Modern constitutions typically contain a variety of provisions on language. They may designate one or more official languages, each with a different kind of legal status. Constitutions may also create language rights, usually held by minority-language speakers, granting groups and individuals the right to communicate with, and receive services from, the government in their native tongue. In systems of multi-level governance, constitutions may vest the authority to designate official language(s) for each order of government.
This Primer addresses the role of language in constitutional design, and the key considerations, implications and potential challenges that arise in multilingual states. It discusses the range of claims around language as a constitutional issue, and the potential consequences of successfully addressing these claims—or failing to do so.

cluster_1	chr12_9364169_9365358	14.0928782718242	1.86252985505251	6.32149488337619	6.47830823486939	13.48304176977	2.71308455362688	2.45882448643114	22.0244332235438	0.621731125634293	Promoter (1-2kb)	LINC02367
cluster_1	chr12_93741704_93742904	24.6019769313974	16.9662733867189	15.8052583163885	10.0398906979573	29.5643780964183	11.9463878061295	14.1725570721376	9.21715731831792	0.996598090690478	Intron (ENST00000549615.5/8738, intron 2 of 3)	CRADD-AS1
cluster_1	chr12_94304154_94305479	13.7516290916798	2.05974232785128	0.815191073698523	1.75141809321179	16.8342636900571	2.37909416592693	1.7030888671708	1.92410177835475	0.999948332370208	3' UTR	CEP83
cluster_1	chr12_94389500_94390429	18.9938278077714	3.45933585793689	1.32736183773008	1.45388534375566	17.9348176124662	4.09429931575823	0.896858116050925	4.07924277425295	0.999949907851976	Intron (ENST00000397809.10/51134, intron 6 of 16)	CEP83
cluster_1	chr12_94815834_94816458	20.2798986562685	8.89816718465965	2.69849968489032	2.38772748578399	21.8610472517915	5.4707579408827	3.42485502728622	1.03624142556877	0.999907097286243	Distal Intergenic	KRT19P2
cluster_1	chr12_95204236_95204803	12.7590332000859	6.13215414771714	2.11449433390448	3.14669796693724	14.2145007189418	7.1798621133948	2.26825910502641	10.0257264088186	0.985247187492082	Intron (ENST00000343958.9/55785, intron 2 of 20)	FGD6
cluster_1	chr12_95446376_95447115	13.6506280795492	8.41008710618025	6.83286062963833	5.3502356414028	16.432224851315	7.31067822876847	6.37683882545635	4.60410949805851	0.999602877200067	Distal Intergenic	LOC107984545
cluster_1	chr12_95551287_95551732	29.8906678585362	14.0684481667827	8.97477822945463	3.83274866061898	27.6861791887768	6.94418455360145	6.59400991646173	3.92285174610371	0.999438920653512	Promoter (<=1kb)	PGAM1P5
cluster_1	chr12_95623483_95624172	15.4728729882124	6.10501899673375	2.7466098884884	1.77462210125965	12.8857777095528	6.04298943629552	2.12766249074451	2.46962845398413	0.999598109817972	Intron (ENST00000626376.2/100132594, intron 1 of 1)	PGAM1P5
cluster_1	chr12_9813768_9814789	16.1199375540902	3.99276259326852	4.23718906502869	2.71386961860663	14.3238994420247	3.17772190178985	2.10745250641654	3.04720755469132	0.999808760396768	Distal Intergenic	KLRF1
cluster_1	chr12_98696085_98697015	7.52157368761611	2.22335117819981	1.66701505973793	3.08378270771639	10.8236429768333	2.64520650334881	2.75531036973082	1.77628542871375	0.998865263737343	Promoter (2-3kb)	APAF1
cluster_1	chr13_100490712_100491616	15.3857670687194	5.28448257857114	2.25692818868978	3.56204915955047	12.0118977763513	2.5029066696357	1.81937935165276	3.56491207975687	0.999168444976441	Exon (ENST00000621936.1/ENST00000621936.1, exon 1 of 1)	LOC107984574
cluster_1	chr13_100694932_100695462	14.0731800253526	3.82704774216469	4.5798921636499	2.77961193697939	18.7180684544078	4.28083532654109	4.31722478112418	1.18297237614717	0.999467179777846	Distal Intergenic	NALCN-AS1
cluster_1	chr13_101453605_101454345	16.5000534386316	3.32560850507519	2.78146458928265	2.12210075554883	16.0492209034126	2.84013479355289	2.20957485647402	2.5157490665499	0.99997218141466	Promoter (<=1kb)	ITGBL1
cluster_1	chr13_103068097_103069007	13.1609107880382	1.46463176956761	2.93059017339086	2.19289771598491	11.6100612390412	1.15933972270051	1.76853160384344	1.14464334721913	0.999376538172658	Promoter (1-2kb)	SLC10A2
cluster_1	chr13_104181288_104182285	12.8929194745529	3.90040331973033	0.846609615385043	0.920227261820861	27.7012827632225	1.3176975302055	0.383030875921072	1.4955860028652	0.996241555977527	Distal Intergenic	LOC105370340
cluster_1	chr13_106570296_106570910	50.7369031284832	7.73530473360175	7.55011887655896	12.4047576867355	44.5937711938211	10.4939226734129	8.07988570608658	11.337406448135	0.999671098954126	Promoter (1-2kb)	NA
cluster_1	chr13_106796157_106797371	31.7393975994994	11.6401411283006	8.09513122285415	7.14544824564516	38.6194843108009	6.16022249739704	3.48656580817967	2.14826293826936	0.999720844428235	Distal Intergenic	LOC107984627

2. What is the issue?
3. Understanding language in context
4. Design alternatives
5. Additional design considerations
6. The (limited) role of international law
7. Decision-making questions